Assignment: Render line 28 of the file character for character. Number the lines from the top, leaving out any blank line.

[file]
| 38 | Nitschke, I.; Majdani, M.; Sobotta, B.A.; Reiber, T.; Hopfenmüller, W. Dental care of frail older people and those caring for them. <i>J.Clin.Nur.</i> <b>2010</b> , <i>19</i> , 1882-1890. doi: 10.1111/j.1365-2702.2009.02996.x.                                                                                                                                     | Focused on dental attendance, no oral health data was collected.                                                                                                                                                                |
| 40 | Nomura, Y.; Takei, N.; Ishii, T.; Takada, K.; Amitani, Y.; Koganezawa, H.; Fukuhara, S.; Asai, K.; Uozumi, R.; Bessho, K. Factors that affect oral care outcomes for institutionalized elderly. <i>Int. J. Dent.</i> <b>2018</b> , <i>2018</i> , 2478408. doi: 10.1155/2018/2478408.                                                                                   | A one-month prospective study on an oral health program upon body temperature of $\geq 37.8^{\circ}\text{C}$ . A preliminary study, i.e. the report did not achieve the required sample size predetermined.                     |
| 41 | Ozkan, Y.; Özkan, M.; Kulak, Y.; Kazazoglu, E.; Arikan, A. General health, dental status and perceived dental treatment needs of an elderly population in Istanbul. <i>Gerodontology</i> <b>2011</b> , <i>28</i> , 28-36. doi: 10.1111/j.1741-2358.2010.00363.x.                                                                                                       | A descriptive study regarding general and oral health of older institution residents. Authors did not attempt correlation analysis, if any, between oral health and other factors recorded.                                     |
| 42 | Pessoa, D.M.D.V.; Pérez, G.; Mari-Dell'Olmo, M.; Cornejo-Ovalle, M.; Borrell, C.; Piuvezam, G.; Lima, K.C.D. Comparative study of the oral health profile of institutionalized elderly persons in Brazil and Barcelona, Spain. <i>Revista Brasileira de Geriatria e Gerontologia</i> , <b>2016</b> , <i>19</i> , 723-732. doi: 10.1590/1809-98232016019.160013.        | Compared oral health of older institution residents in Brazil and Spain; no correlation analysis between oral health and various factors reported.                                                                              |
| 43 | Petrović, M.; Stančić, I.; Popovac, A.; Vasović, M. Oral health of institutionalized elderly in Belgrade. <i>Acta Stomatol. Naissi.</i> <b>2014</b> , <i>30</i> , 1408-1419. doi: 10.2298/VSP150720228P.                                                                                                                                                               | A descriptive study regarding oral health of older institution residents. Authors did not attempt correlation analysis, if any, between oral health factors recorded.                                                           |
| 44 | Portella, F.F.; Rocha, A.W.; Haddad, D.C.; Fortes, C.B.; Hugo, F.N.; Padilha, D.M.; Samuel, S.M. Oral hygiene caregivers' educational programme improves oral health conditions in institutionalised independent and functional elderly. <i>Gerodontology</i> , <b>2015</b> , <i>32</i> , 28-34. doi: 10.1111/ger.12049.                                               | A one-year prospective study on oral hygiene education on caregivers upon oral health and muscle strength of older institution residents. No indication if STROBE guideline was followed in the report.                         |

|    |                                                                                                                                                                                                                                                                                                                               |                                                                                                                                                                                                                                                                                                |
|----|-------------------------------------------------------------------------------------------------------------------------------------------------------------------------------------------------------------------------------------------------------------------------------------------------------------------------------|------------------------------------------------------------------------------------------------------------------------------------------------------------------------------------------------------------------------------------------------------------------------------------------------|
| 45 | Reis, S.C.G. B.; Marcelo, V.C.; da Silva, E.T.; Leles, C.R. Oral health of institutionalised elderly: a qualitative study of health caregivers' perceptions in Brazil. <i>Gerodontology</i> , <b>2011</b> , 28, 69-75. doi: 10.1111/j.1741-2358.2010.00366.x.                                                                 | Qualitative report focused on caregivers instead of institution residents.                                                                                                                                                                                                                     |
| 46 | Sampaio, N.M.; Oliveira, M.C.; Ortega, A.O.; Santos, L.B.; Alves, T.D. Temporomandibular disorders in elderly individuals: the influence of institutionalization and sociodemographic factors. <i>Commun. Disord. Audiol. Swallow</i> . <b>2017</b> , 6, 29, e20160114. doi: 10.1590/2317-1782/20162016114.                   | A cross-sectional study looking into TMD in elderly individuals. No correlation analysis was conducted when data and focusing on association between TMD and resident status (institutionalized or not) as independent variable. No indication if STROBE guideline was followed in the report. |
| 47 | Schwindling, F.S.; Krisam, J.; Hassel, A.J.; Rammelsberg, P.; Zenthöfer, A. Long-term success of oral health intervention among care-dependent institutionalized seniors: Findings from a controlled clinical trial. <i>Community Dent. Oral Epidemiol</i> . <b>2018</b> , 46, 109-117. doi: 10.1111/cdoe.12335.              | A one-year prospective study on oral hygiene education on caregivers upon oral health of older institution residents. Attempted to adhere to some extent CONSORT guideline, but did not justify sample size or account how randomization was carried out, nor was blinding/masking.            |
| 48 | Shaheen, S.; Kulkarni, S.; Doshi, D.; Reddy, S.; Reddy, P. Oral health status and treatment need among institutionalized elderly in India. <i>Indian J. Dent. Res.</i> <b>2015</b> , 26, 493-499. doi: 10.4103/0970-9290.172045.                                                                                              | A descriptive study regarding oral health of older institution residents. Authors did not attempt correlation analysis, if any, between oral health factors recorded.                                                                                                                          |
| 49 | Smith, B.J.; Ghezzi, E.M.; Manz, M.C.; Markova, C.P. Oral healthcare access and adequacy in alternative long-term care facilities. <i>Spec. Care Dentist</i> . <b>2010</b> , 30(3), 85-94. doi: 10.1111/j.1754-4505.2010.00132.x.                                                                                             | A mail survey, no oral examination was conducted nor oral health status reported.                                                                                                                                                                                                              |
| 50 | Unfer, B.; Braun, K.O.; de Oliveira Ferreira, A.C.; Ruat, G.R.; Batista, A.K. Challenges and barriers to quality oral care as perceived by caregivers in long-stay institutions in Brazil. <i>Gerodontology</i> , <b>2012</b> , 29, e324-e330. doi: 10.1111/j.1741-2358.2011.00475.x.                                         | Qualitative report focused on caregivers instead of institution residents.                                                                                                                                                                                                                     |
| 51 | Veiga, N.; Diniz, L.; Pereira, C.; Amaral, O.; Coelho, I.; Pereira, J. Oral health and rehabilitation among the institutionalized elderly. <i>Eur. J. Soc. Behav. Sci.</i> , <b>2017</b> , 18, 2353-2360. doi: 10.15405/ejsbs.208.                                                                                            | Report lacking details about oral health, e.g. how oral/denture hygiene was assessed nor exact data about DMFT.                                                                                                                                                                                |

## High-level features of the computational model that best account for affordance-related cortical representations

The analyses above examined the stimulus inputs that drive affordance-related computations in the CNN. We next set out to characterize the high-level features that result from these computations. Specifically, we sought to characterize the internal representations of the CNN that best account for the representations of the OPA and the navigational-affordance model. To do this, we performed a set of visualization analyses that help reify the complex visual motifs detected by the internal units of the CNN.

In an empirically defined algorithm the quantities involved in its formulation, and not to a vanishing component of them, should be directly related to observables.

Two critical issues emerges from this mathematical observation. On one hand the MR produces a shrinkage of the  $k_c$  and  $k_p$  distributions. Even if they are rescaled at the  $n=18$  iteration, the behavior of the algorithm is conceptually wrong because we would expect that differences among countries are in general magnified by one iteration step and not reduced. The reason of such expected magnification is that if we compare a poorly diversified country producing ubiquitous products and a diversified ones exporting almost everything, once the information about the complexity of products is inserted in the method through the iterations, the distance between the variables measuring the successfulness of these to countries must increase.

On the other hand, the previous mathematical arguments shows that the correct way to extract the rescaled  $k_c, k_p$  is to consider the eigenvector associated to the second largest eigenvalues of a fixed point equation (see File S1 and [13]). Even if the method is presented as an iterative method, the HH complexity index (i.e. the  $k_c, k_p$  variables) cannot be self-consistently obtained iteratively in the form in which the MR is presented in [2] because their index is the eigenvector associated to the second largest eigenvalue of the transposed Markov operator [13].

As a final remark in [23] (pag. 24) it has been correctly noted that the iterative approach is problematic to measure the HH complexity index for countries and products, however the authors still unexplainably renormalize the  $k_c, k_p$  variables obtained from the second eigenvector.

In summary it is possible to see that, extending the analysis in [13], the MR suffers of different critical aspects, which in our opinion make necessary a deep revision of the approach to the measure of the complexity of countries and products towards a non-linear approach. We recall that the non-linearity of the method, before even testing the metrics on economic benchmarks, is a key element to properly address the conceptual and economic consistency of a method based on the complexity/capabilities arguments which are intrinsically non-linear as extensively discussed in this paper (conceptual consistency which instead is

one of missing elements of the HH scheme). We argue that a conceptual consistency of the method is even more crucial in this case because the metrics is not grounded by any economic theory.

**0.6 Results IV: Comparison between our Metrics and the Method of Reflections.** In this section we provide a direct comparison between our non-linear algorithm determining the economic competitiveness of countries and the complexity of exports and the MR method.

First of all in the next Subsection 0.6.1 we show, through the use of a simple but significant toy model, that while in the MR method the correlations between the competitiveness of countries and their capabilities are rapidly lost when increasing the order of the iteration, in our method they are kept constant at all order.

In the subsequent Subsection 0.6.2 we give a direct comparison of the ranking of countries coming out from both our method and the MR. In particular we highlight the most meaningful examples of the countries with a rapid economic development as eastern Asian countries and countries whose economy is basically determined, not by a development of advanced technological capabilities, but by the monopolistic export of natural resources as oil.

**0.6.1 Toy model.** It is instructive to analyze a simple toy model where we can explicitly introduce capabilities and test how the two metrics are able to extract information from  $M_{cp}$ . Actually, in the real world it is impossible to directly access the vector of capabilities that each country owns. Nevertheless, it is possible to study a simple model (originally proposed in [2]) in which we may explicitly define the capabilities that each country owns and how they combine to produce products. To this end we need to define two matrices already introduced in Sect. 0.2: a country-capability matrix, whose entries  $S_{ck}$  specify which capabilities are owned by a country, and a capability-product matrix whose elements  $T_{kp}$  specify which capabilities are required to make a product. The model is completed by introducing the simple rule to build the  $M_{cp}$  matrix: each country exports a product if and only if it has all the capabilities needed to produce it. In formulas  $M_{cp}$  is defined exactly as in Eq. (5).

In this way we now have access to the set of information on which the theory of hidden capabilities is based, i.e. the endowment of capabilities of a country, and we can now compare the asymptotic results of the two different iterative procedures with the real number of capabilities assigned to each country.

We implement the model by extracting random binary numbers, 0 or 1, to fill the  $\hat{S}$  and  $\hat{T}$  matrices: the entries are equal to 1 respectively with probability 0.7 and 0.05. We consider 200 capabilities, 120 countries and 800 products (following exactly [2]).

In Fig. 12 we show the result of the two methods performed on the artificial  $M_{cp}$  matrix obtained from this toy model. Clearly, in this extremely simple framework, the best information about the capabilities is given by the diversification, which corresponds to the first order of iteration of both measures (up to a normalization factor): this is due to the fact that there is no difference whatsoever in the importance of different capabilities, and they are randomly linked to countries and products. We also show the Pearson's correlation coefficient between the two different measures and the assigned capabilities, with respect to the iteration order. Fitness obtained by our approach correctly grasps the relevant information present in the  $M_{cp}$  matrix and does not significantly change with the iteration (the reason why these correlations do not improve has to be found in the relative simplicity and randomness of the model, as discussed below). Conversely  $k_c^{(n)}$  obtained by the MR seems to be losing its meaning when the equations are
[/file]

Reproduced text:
In this way we now have access to the set of information on which the theory of hidden capabilities is based, i.e. the endowment of capabilities of a country, and we can now compare the asymptotic results of the two different iterative procedures with the real number of capabilities assigned to each country.